The whole of the State’s case, so far as the "guilt of the plaintiff in error is concerned, is based upon circumstantial evidence. In order to warrant a conviction of crime on circumstantial evidence the proof of the circumstances must be of a conclusive nature and tendency, leading, on the whole, to a satisfactory conclusion, and producing a reasonable and moral certainty that the accused, and no one else, committed the crime. The guilt of the accused must be so thoroughly established as to exclude every other reasonable hypothesis. (People v. Rischo, 262 Ill. 596.) In this case there was no direct evidence to show that the plaintiff in error had been in his house between the time he left early in the morning, leaving Rachel Green and her husband in the company of his wife, and the time of his return about 1:3o o’clock that day. The fact that the evidence of the guilt of the plaintiff in error was by no means of a conclusive character required that the record be kept free from prejudicial error. , Plaintiff in error contends that the State’s *595attorney committed prejudicial error in "asking certain questions of plaintiff in error on cross-examination, as follows:
Q. “You remember a woman named Rose Mason testifying at the,inquest?
O. “Rose is dead now, isn’t she?
A. “Yes, sir.
Q. “You remember her saying she saw you going in that house that morning?”
This last question was objected to and the objection sustained, but the question was clearly prejudicial'error. There was no attempt to use the testimony of Rose Mason before the coroner’s inquest, but the inference was gotten before the jury that there had been a witness, now dead, who had seen the plaintiff in error go into his house, where tire deceased was later found dead, during the morning of the day of the crime. There was no evidence in the record tending to show that he was in his house during that morning after first leaving it. While the court sustained the objection the damage from such question had been done. This question supplied by inference in the minds of the jury a link in the chain of circumstances not supplied by any portion of the evidence. This was reversible error. The State’s attorney had no right to ask this question. While errors are some- • times committed by counsel through eagerness to win a lawsuit, yet there is nothing in the duty of attorneys for the State which requires them to prejudice the right of a defendant to a fair trial in an eagerness to secure a conviction. The question in this case is peculiarly prejudicial in view of the fact that there was no evidence in the record tending to show that he had entered the house during the morning in question, and the impression left on the minds of the jury could not have been other than that there had been a witness, now dead, who could supply the missing link in the chain of circumstances against the defendant. A defendant charged with a crime has the right to be con*596fronted by those who testify against him. This is not only a fundamental rule of law but is likewise guaranteed by section 9 of the bill of rights. For this error the judgment must be reversed and the cause remanded.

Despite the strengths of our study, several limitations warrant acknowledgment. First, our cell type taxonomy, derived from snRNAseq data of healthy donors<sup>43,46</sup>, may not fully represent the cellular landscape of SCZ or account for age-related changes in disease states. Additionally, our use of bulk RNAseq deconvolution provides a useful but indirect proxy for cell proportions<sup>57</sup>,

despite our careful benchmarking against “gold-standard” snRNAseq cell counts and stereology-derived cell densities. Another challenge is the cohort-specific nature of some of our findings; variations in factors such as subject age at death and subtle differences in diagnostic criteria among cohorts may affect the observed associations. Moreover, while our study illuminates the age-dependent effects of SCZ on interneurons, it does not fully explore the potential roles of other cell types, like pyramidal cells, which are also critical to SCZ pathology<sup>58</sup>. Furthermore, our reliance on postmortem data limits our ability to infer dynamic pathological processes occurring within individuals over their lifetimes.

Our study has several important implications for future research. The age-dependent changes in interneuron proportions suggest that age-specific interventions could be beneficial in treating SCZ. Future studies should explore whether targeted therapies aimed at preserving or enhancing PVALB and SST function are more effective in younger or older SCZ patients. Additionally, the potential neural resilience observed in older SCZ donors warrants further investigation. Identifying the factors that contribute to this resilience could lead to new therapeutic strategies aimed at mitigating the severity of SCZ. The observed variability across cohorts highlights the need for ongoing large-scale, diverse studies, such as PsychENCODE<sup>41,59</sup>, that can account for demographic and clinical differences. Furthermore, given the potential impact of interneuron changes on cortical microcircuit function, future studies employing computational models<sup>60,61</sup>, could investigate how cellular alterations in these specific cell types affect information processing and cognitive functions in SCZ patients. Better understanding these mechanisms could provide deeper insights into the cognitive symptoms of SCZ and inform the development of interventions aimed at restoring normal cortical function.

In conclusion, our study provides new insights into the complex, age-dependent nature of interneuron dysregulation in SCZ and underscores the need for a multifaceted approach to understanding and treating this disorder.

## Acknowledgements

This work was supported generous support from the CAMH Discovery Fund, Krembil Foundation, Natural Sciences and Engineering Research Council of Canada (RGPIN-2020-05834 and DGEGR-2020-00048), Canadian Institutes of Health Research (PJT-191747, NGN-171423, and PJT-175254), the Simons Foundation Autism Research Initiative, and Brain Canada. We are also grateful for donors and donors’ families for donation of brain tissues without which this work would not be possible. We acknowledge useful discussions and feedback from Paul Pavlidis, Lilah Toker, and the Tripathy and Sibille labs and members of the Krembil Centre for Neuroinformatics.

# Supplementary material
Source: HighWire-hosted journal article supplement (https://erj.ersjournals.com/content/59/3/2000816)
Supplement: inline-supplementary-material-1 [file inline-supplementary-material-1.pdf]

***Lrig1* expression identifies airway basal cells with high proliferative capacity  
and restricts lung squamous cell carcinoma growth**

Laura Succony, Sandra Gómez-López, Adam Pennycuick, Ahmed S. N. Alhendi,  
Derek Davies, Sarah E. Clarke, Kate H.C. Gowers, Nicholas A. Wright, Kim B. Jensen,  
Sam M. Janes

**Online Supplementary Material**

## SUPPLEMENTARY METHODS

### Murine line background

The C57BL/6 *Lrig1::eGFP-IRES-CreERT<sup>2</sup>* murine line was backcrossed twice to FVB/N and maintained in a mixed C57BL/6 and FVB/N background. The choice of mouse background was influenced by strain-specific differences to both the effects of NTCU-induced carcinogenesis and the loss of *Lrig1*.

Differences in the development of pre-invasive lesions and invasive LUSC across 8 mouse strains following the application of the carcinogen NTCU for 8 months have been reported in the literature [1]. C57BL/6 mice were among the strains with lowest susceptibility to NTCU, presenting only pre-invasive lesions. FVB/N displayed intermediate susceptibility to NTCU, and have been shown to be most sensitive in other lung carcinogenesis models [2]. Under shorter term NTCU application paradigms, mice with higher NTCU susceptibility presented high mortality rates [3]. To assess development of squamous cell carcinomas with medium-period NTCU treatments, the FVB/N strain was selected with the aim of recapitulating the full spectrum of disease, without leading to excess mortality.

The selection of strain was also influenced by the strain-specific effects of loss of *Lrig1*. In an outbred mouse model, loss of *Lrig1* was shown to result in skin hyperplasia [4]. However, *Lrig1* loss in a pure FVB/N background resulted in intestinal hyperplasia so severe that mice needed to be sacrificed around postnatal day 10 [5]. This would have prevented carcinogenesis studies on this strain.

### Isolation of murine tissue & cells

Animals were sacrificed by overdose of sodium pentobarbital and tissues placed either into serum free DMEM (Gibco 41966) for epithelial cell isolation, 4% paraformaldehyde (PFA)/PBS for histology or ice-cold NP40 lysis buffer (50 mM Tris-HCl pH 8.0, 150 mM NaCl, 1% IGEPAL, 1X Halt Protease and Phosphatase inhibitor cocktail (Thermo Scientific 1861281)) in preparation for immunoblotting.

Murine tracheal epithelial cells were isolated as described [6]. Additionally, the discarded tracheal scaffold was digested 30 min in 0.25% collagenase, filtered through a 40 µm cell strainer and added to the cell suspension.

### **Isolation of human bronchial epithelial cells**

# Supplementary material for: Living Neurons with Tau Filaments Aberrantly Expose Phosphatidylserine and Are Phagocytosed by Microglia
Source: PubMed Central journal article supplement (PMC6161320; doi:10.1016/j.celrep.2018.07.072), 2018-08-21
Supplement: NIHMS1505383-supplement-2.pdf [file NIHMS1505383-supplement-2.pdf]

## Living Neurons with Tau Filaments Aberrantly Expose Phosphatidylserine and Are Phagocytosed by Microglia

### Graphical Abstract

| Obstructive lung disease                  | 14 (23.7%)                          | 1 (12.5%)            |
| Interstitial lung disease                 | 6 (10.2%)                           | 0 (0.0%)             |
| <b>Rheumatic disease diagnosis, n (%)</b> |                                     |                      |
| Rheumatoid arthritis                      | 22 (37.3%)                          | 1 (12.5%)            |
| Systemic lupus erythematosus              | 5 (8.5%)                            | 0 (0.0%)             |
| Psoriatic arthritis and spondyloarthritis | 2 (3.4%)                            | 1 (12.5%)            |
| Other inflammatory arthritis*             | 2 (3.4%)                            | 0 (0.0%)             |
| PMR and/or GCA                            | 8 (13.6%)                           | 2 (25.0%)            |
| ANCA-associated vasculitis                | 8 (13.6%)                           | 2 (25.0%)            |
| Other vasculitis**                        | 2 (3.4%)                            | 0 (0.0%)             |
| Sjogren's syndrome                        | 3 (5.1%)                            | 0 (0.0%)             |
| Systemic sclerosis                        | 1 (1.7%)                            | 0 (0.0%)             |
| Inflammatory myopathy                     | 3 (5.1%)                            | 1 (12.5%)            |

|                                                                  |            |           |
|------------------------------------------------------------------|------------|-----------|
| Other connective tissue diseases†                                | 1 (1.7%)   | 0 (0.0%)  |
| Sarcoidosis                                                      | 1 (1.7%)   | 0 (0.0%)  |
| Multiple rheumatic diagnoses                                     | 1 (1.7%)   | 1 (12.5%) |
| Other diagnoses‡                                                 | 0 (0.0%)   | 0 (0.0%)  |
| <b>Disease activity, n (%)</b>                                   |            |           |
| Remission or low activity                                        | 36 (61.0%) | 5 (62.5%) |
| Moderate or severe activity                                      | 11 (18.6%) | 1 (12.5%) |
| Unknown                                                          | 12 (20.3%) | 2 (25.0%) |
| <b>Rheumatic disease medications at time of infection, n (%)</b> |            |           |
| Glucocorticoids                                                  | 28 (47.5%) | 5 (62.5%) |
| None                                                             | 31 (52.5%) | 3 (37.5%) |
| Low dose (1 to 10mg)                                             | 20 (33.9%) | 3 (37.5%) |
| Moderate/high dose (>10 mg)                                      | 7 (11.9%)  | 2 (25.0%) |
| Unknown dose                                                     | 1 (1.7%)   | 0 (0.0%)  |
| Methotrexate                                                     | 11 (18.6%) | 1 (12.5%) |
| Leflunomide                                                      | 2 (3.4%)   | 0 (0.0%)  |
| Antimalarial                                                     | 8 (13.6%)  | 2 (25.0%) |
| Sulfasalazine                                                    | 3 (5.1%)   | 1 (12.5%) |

Plaintiff in error also contends that the court improperly overruled his motion to strike evidence of a certain alleged threat. Florence Edwards, a witness for the State, testified that a short time before the crime in question she had talked with the plaintiff in error; that he told her that his mother-in-law had his and his wife’s bank book; 'that if she didn’t give it up he didn’t know what would happen; that when he left the home of the witness he said, “You needn’t be noway surprised at nothing you hear.” Counsel for plaintiff in error objected to the statement and moved that it be stricken on the ground that there was nothing in the statement to indicate a threat against the deceased; that if it was a threat against anybody it was against the mother-in-law of the plaintiff in error. It is a rule well settled in this State that a threat by the accused to kill or injure a person other than the deceased, or a mere charge of a general nature not directed to any particular person, is not admissible to show malice toward the deceased. (People v. Scott, 284 Ill. 465.) The statement attributed to plaintiff in error was not a threat against his wife. If it was a threat against anyone it was a threat against his wife’s mother and was not admissible to show malice toward the deceased. We are of the opinion that the trial court should have stricken this testimony on motion.
The judgment of the criminal court of Cook county will be reversed and the cause remanded for a new trial.
Reversed and remanded.